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May 17, 2012 / hippiechickamblings

Little Big Man

As a kid, my grandfather (Dad’s dad) fascinated me, partly because he was the oldest person I knew. Also, since he was a man of few words, I figured I should listen when he did have something to say. Though he barely stood over five feet tall, with the broad features and tawny coloring of his Cherokee mother, there was an aura of quiet intensity and power about him that made him appear large.

Papaw was born in a time when the last of the Sioux were being slaughtered by greedy whites in Wounded Knee, South Dakota, and Civil War veterans were still part of the American landscape. By the time he’d grown old, he’d seen his country undergo mind-boggling changes, and he hated most of them. Modern attitudes bewildered him, and he was saddened by what he viewed as a savage world of wanton waste and greed. He said, “Men have ripped  out every bit of riches under the ground to be had. He’s stripped everything good that God put above ground. What’s left? To destroy the sky?”

English: Cherokee Confederate reunion in New O...

English: Cherokee Confederate reunion in New Orleans in 1903 (Photo credit: Wikipedia)

He never believed astronauts had landed on the moon. It was a huge hoax, he thought, a movie filmed in the desert to try to make fools of us all.

With little to no formal education, he was  still an avid reader and self-taught man. Regardless of not being a big church-goer, he could quote chapter and verse of the Bible on any topic you could name. Family legend had it that he’d once kept someone from bleeding to death by quoting a particular Bible verse in repetition. When I asked him about this, he responded that if God’s word had been powerful enough to create the heavens and earth, it could surely stop the flow of blood. He read everything he could find on Abraham Lincoln and talked about him so much, I figured the two of them must’ve been boyhood friends.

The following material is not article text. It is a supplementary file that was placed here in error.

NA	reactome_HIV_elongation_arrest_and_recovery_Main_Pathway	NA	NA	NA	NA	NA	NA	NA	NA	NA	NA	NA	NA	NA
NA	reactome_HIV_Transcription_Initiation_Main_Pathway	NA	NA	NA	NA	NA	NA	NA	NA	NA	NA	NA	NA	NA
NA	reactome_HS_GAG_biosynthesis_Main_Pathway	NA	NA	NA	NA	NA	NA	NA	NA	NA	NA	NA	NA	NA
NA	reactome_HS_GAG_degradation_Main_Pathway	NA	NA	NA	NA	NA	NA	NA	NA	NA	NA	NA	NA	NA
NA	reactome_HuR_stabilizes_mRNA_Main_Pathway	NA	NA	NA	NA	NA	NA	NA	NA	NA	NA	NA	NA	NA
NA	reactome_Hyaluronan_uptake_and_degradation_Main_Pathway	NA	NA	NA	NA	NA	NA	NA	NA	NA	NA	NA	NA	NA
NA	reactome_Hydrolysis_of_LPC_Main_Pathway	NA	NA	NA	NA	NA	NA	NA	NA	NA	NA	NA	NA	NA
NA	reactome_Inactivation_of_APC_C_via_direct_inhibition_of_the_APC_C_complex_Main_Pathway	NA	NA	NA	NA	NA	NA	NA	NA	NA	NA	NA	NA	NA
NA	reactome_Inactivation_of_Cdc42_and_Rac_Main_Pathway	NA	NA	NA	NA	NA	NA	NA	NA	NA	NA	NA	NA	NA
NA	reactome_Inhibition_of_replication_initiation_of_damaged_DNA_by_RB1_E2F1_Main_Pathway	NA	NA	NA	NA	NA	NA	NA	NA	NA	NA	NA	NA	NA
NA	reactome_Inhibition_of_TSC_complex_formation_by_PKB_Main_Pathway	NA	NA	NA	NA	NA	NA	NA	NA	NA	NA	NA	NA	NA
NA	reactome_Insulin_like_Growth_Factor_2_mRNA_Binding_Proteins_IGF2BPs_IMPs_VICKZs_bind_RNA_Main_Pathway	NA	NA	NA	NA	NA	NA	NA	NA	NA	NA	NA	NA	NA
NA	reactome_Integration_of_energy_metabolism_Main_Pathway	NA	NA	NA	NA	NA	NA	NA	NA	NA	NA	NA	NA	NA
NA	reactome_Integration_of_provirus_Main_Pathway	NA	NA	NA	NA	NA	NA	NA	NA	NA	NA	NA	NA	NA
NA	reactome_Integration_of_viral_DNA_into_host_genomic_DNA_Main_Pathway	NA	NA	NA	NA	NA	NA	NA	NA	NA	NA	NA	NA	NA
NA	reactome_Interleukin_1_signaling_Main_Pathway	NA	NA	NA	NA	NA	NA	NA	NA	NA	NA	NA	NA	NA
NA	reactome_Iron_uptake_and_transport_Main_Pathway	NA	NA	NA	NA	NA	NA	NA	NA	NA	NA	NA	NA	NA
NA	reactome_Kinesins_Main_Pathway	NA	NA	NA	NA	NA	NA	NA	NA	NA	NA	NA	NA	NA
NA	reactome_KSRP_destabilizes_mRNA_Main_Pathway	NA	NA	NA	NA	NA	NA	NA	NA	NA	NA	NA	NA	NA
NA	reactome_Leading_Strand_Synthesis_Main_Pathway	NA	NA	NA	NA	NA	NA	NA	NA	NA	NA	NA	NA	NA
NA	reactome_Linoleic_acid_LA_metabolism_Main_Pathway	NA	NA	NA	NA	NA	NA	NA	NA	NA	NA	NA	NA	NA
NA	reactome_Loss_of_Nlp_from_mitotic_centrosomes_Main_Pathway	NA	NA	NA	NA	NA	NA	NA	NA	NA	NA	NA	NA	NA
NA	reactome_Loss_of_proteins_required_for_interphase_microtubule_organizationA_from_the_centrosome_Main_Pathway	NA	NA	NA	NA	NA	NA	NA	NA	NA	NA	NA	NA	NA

He never owned a car, never traveled farther than where his two legs or his mule could take him. He never spoke a word on a telephone or saw the need for television. Late in life, however, he developed a fondness for watching Gunsmoke on a small black-and-white set he finally agreed to get. (Of course, the set had to be unplugged every hour or so to keep it from getting “hot.”)

He always wore a fedora-style hat, even in the house and at the dinner table, and lace-up leather shoes. There was a stalwart dignity about his person, a modesty of behavior and speech that led you to know you’d never get by with having a potty mouth in his presence. As a black lung sufferer, his health deteriorated rapidly in later years and he became unable to attend to his personal grooming. As it often happens, more of his care fell on my aunt, who lived next-door. She once made the mistake of suggesting that he allow her to draw him a bath and help him in the tub. He was scandalized. He let her know in no uncertain terms that he would die before he’d let her see his “make.”

When I was about eight or nine, he introduced me to a culinary creation known as “soak-crust (my little brother called it “soap-crust” until he was old enough to drive). Soak-crust was made by taking a large, rounded cup of creamy coffee, adding two, carefully torn biscuits, and waiting for them to soak up all the coffee. The entire blob was then inverted onto a saucer, revealing the most amazing cake-thing imaginable. Not exactly French cuisine, but delicious!

Papaw didn’t treat me like a child, never talked down to me, and I liked that immensely. He spoke to me as an equal, and that made me prefer his company to that of a lot of kids I knew. Countless hours I’ve spent in a cane-bottom chair by the fire in his bedroom, listening as he relived his tale of a small boy growing up too fast and too poor in the mountains of Eastern Kentucky, of going underground at an age when other kids were learning long division, of using a pick to gouge coal out of a hillside, loading it on the backs of mules. He’d stop once in a while to adjust his squealing hearing aids and quarrel at them. “Get in there, confound you,” he’d mutter. And I’d sit, hanging on every word, watching the flames dance in the grate, eating my soak-crust. What’s not to love about that?


Leave a Comment
  1. Slone / May 17 2012 10:48 am

    My papaw swore the moon landings were a hoax.

  2. hippiechickamblings / May 17 2012 11:32 am

    Apparently, there were enough “doubters” to qualify officially as a club. I saw a feature on “60 Minutes” about it once. My grandfather would’ve never joined, though. He didn’t trust large groups!

  3. tdhenson / Jun 1 2012 1:08 am


    • hippiechickamblings / Jun 1 2012 1:10 am


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